If you gave kids the choice between white milk and sugary chocolate- or strawberry-flavored milk to drink with their school lunch, do you think they would make the healthier choice? Without some persuasive education first, probably not.

However, Dave Pittman, PhD, psychology professor at Wofford College in Spartanburg, South Carolina, not only believes that with a little education kids will make the sounder choice—he has proven it in pilot tests in two local elementary schools.

“We measured the percent of students choosing the healthy menu items plus white milk for 9 days (baseline) before our program and 9 days after our program (incentive). Before our program, less than 3% of both schools were choosing the healthy lunch with white milk. After our program, over 40% of the students were choosing the healthy meal plus white milk each day,” Pittman shares on his website, www.healthyeatingdecisions.com.

Pittman has been given a grant by two foundations in the Spartanburg area to broaden his Healthy Eating Decisions program from two schools to 40 elementary schools with 20,000 students in Spartanburg County.

The program calls for students to choose one of three entrées on the menu, multiple side items and either white or flavored milk. First, they are shown an educational video on how to make healthy food choices.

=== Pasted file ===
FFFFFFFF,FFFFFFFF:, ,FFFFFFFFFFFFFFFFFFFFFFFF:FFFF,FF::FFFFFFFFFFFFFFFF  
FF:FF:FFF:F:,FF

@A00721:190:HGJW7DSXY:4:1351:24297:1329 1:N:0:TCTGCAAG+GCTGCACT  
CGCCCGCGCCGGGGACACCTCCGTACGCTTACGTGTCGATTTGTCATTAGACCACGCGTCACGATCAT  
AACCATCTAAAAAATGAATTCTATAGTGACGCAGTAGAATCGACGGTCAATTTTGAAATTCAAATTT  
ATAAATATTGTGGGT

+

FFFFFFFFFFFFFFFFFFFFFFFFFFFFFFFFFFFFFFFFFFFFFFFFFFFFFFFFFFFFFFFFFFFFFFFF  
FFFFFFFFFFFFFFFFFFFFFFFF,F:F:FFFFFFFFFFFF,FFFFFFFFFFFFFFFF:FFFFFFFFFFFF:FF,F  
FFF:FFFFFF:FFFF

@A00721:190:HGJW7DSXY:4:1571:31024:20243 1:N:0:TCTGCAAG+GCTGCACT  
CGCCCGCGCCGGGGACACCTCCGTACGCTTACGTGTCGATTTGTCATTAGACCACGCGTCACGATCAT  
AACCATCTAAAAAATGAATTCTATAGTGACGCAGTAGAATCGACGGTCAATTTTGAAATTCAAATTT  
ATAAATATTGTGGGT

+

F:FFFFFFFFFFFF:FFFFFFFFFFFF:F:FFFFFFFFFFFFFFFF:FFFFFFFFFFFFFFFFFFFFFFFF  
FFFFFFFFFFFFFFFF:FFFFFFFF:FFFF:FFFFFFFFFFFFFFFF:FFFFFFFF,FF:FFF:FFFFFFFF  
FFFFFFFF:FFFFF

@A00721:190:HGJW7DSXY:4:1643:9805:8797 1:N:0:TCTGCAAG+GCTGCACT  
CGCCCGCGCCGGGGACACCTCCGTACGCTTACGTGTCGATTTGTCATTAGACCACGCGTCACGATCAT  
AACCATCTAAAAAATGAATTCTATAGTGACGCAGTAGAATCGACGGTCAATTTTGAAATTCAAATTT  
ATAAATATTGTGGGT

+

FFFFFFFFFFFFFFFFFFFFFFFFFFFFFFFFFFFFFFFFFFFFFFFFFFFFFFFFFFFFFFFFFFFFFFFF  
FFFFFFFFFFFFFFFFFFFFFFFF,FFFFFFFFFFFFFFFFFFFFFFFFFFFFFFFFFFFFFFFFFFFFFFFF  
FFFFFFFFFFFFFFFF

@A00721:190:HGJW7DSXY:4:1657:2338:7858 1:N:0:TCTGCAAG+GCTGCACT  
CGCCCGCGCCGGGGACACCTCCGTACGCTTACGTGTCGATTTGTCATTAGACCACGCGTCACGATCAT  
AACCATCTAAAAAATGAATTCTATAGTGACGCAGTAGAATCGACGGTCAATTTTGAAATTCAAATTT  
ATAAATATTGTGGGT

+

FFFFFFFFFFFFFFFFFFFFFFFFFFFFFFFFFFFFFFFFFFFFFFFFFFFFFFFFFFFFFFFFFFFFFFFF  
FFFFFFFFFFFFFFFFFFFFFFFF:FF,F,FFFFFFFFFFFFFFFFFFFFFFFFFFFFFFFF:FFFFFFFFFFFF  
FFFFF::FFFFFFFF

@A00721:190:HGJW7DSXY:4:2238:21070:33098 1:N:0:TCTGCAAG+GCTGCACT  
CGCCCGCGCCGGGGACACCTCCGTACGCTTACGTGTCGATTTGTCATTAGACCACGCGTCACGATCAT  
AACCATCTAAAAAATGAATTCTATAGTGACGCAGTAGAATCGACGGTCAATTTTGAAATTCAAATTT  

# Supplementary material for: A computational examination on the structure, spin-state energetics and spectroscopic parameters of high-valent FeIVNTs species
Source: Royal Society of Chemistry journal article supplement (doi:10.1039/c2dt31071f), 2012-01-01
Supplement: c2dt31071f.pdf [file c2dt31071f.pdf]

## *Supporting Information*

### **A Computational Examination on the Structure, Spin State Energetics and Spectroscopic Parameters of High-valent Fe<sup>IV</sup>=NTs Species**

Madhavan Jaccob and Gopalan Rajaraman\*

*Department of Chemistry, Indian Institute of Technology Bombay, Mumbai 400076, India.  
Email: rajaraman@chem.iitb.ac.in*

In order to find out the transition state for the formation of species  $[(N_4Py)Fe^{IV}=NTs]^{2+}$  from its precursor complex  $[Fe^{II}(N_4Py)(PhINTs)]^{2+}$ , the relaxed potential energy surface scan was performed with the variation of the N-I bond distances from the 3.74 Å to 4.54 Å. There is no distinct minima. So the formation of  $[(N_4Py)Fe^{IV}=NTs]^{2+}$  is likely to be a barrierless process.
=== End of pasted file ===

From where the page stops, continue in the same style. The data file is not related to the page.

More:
For example, on the video educating kids about which milk choice is the healthiest, Pittman shows kids literally what the chocolate- and strawberry-milk choices equate to in pounds of sugar per year (5 and 7 pounds, respectively). Jars containing these amounts of sugar—one marked “chocolate” and the other “strawberry”—are placed in the cafeteria of each school near the milk choices, to remind kids about choosing healthy options. You can view this video and others he has developed here: www.healthyeatingdecisions.com/.

Each day, Pittman’s program identifies the healthiest of the daily choices offered by the schools’ food service. When students make healthy decisions, they gain public recognition—they ring a call bell in the cafeteria, acknowledging to their fellow students that they made a healthy choice.

“The simple act of ringing a call bell provides a moment of attention that instills a sense of pride within the student for having made a healthy eating decision and reminds the other students that their school values daily healthy eating decisions,” Pittman says.

“Childhood overweight and obesity prevalence is above 30% for elementary students in Spartanburg County,” he adds. “We believe that our program has the potential to reduce childhood obesity by promoting healthier eating decisions during the regular elementary lunch service.”

The professor is so confident of the effectiveness of his program that he has put it on his website and made it available to any school system in the nation, at no charge. The new grant will allow Pittman to hire a pediatric dietitian, with 20 years’ experience, to offer an independent assessment of what constitutes healthy lunch choices at individual schools in Spartanburg County.